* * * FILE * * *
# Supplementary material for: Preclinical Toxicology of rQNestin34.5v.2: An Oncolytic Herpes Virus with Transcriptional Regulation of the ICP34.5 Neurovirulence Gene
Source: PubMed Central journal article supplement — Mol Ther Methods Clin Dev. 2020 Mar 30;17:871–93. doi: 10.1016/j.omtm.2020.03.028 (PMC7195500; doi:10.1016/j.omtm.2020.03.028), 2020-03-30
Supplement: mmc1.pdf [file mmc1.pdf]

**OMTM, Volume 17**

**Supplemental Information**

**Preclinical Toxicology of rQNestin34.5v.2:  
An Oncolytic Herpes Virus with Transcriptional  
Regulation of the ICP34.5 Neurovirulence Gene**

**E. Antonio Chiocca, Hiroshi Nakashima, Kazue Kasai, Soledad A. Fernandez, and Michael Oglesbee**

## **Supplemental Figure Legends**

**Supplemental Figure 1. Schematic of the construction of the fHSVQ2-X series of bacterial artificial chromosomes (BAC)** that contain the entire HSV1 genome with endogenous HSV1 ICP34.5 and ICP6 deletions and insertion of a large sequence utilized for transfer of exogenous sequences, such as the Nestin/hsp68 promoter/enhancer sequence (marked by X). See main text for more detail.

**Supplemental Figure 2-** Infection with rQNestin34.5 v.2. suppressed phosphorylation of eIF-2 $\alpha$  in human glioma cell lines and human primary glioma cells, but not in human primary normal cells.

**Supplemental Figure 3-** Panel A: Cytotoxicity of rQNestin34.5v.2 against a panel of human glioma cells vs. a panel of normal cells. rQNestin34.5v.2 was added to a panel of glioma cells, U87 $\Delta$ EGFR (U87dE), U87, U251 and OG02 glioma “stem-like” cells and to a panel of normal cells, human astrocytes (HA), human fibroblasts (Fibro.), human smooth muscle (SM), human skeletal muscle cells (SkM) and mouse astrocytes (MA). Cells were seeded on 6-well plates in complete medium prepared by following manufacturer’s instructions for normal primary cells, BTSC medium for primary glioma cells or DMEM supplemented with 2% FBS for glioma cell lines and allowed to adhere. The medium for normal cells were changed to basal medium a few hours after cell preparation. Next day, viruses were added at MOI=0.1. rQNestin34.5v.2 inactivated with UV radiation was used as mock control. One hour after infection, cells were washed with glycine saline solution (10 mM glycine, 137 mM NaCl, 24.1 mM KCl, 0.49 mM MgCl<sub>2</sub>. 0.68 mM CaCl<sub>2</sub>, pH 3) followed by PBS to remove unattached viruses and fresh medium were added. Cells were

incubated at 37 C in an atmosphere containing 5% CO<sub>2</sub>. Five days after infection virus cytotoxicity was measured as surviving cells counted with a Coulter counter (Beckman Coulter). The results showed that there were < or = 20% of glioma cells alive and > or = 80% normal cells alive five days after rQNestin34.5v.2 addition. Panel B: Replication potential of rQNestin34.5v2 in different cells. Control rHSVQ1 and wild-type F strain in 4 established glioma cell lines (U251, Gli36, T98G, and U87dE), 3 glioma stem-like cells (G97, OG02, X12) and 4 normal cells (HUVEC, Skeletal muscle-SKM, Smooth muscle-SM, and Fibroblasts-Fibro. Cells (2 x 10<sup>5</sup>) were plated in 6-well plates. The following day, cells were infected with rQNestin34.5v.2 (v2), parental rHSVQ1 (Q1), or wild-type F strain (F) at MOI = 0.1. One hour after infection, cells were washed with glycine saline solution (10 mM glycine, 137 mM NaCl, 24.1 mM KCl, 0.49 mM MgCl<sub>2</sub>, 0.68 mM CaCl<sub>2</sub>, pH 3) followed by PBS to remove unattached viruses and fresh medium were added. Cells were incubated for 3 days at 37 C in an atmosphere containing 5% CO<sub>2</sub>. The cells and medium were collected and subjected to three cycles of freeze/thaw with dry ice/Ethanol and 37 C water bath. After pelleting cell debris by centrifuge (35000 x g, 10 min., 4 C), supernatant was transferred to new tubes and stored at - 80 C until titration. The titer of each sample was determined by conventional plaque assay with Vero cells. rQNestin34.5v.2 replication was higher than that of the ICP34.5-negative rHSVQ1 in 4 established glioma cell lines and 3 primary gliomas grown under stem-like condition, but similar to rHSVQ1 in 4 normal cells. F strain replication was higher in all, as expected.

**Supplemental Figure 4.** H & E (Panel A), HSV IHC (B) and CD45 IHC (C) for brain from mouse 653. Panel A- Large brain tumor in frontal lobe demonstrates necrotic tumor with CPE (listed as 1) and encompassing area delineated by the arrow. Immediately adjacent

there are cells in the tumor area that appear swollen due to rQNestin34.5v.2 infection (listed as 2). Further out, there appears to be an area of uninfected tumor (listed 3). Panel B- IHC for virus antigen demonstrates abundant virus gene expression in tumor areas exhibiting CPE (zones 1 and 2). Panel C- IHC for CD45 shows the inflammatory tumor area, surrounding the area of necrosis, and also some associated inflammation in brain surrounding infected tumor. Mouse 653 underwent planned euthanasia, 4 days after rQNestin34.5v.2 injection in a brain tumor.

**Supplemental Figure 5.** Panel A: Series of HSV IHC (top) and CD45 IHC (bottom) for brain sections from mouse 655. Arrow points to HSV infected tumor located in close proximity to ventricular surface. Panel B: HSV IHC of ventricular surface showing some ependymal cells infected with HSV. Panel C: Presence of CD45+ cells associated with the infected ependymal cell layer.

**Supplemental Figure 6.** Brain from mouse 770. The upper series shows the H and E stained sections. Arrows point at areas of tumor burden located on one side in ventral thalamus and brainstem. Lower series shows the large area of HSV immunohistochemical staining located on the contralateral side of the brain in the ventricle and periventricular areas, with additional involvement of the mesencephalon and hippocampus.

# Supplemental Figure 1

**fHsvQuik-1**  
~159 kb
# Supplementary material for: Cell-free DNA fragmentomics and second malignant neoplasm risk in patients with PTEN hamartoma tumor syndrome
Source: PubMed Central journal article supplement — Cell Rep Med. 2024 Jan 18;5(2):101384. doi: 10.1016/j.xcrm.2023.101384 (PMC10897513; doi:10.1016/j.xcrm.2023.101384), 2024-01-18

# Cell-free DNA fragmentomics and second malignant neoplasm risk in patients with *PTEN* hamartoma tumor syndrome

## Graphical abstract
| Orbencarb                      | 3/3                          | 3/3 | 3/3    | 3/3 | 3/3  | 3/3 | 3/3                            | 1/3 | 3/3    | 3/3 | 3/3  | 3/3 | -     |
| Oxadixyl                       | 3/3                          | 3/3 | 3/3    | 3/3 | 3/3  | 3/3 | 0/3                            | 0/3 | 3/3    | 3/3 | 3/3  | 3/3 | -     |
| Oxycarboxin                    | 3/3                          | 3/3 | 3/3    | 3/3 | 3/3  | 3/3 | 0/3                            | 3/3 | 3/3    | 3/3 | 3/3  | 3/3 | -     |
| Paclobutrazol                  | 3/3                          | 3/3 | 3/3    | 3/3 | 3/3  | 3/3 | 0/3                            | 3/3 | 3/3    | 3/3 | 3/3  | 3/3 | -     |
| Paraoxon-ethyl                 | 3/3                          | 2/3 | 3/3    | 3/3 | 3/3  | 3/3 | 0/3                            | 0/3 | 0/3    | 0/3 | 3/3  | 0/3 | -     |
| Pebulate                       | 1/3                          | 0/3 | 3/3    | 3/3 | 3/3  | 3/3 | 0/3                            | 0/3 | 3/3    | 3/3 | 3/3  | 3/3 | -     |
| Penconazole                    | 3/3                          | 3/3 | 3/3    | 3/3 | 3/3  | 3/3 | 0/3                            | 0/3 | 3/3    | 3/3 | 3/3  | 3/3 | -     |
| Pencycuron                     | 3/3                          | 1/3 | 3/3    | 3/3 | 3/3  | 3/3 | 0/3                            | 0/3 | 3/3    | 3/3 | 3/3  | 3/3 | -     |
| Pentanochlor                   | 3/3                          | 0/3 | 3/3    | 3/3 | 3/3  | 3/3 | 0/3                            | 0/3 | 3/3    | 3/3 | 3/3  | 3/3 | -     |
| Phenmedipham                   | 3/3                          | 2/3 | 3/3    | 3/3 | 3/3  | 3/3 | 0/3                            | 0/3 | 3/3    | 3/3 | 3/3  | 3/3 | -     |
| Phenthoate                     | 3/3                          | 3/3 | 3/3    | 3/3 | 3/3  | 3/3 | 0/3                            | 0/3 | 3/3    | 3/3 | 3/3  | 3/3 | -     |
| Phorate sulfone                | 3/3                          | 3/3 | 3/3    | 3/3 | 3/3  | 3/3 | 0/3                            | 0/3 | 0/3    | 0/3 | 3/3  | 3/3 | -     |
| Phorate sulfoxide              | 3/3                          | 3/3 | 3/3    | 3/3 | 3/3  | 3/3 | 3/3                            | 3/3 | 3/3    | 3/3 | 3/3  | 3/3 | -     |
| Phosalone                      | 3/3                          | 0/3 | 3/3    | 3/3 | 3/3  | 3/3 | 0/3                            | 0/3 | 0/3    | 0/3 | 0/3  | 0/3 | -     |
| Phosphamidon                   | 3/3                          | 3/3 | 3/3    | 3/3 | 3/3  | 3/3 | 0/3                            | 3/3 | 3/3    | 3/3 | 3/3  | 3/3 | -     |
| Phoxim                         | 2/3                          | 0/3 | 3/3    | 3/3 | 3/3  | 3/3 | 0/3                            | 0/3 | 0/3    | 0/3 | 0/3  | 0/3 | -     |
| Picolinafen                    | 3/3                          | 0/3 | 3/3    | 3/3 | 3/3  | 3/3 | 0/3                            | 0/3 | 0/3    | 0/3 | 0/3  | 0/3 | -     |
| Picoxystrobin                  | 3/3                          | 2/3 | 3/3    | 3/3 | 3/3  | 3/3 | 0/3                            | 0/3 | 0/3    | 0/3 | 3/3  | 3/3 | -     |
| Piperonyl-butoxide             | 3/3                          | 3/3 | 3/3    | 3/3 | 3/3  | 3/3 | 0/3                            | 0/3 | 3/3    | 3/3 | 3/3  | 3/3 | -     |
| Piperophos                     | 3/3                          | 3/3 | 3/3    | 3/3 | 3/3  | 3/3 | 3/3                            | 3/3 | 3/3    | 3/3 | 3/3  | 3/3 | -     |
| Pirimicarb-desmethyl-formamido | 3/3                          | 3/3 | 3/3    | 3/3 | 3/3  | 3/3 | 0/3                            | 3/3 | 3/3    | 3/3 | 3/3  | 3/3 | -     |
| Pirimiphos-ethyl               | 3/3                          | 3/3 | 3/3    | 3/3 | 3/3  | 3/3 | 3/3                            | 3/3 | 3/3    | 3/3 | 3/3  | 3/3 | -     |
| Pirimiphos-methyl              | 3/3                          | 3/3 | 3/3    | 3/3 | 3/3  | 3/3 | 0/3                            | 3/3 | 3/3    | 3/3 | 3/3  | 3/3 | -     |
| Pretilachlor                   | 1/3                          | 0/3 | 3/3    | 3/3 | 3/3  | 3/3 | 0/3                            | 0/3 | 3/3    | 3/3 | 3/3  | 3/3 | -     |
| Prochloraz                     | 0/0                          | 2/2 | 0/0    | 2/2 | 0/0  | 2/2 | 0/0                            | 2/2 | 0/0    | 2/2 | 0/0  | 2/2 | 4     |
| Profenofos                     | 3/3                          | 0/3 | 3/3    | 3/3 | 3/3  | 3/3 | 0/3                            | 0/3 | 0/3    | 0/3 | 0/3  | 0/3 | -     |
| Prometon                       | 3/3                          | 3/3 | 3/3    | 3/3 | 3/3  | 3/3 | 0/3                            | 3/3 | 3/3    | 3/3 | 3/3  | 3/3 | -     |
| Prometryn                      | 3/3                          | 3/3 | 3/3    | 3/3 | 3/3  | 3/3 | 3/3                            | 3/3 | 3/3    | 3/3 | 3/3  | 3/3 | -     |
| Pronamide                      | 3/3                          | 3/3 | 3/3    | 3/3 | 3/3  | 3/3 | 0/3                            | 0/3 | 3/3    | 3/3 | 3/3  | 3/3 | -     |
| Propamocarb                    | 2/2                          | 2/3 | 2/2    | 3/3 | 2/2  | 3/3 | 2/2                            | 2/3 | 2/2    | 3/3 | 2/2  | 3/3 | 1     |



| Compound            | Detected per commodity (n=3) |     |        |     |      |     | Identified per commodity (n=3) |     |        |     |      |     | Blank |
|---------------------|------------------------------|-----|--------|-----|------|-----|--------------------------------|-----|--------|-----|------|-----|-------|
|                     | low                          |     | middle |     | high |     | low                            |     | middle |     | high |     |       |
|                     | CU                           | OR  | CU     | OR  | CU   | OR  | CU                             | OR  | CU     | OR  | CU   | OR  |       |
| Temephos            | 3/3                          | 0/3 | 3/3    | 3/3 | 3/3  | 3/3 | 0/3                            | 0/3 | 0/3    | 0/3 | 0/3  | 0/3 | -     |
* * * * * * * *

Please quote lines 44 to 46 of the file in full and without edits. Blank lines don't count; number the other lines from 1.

| Piperonyl-butoxide             | 3/3                          | 3/3 | 3/3    | 3/3 | 3/3  | 3/3 | 0/3                            | 0/3 | 3/3    | 3/3 | 3/3  | 3/3 | -     |
| Piperophos                     | 3/3                          | 3/3 | 3/3    | 3/3 | 3/3  | 3/3 | 3/3                            | 3/3 | 3/3    | 3/3 | 3/3  | 3/3 | -     |
| Pirimicarb-desmethyl-formamido | 3/3                          | 3/3 | 3/3    | 3/3 | 3/3  | 3/3 | 0/3                            | 3/3 | 3/3    | 3/3 | 3/3  | 3/3 | -     |